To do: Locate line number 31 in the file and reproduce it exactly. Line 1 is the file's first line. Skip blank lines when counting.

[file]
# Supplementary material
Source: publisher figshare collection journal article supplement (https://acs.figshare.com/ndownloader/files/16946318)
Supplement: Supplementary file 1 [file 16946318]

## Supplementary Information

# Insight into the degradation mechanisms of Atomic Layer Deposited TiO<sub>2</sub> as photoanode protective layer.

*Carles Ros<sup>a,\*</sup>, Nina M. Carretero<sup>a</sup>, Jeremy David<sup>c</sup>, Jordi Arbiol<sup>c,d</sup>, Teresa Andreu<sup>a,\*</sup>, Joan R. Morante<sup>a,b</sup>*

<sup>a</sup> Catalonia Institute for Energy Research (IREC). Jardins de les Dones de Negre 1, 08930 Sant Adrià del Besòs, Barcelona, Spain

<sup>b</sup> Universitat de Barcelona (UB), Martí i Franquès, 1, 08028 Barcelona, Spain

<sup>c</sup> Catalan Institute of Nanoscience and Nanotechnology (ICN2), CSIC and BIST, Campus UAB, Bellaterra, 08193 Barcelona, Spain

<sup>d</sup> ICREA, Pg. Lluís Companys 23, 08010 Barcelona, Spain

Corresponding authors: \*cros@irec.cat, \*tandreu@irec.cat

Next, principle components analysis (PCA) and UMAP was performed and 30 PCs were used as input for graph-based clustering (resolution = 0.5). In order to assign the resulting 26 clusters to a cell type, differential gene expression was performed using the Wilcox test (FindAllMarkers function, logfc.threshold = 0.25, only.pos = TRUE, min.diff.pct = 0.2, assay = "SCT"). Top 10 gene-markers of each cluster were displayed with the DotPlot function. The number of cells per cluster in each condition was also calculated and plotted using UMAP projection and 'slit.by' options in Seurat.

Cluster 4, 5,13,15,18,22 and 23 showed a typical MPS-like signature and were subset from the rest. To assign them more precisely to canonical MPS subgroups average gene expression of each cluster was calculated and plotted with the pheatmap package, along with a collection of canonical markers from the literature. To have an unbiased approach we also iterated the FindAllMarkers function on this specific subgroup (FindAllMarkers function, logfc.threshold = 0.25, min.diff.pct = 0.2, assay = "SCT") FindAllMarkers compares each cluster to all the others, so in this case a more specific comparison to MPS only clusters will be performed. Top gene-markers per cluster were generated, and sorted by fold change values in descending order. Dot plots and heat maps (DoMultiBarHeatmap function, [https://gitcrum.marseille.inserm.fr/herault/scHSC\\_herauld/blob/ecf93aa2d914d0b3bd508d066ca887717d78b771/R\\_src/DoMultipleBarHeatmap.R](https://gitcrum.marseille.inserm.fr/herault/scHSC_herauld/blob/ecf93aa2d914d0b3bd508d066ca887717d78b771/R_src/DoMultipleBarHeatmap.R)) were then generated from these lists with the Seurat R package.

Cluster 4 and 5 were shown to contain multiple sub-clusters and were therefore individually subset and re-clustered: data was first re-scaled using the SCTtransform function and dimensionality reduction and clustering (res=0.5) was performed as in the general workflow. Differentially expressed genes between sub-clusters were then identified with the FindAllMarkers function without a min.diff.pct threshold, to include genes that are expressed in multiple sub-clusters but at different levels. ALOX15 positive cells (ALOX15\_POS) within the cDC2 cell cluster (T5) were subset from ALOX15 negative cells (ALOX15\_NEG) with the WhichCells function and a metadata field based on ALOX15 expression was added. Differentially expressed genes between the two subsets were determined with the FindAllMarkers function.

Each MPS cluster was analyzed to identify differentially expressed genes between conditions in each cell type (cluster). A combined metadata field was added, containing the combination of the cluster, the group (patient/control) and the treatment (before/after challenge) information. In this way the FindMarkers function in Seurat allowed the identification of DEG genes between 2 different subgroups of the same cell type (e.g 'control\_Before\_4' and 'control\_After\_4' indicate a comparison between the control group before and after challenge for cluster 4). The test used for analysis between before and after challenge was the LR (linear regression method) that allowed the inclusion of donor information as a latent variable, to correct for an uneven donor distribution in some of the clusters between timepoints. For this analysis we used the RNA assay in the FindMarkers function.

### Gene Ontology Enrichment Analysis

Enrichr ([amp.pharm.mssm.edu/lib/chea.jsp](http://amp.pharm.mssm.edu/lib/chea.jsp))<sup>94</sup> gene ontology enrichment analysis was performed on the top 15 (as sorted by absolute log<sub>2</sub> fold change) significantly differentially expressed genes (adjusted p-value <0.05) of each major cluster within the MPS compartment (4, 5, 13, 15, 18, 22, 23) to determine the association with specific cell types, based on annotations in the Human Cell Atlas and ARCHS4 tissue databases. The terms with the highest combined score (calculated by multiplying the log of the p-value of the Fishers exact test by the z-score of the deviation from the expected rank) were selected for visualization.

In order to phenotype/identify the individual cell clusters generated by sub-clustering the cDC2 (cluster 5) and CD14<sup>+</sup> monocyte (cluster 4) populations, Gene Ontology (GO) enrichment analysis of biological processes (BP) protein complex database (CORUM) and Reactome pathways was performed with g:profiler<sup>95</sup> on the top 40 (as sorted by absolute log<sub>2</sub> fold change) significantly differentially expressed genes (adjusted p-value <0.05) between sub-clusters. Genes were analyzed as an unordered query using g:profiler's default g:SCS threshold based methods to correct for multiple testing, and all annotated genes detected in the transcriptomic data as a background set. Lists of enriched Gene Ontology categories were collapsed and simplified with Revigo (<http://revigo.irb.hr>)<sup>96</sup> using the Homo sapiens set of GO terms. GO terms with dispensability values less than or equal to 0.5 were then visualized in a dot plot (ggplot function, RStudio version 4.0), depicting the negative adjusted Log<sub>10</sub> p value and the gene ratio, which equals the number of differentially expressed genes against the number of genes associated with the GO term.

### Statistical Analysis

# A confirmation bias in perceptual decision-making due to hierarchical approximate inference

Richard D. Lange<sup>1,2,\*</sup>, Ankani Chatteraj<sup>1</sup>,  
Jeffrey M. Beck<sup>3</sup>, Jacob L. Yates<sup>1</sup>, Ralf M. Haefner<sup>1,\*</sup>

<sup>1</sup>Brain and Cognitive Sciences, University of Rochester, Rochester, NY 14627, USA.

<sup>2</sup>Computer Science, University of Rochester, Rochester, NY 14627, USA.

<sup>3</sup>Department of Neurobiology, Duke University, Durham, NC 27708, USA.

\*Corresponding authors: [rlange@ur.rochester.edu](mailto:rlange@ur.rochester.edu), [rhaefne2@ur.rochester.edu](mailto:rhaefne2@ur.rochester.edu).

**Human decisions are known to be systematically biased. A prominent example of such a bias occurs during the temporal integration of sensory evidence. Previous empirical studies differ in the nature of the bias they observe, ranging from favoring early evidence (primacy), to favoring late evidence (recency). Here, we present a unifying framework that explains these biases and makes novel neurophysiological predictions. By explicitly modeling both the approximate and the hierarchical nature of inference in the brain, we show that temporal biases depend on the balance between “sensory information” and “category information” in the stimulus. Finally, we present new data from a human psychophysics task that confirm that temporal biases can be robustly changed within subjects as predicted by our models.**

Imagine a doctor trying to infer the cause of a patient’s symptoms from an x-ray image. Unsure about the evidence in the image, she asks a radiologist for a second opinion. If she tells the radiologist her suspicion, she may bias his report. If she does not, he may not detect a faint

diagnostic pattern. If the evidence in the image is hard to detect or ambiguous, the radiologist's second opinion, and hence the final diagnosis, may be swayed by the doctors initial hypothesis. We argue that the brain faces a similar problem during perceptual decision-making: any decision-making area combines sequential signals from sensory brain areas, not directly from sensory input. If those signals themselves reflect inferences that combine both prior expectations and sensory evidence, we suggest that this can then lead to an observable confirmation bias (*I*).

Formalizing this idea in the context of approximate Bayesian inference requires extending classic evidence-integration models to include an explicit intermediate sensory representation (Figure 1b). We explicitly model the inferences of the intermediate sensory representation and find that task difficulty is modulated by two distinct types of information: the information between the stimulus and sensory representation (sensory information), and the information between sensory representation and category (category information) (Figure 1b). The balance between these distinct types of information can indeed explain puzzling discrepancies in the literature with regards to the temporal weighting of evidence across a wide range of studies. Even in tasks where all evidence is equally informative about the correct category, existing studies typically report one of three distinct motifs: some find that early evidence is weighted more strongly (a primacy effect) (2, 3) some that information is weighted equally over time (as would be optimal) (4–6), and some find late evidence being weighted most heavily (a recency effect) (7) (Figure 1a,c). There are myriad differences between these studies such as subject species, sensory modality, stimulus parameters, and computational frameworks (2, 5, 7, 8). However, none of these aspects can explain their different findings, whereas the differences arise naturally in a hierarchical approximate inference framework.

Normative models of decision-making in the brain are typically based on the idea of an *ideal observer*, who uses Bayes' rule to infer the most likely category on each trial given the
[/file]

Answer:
Normative models of decision-making in the brain are typically based on the idea of an *ideal observer*, who uses Bayes' rule to infer the most likely category on each trial given the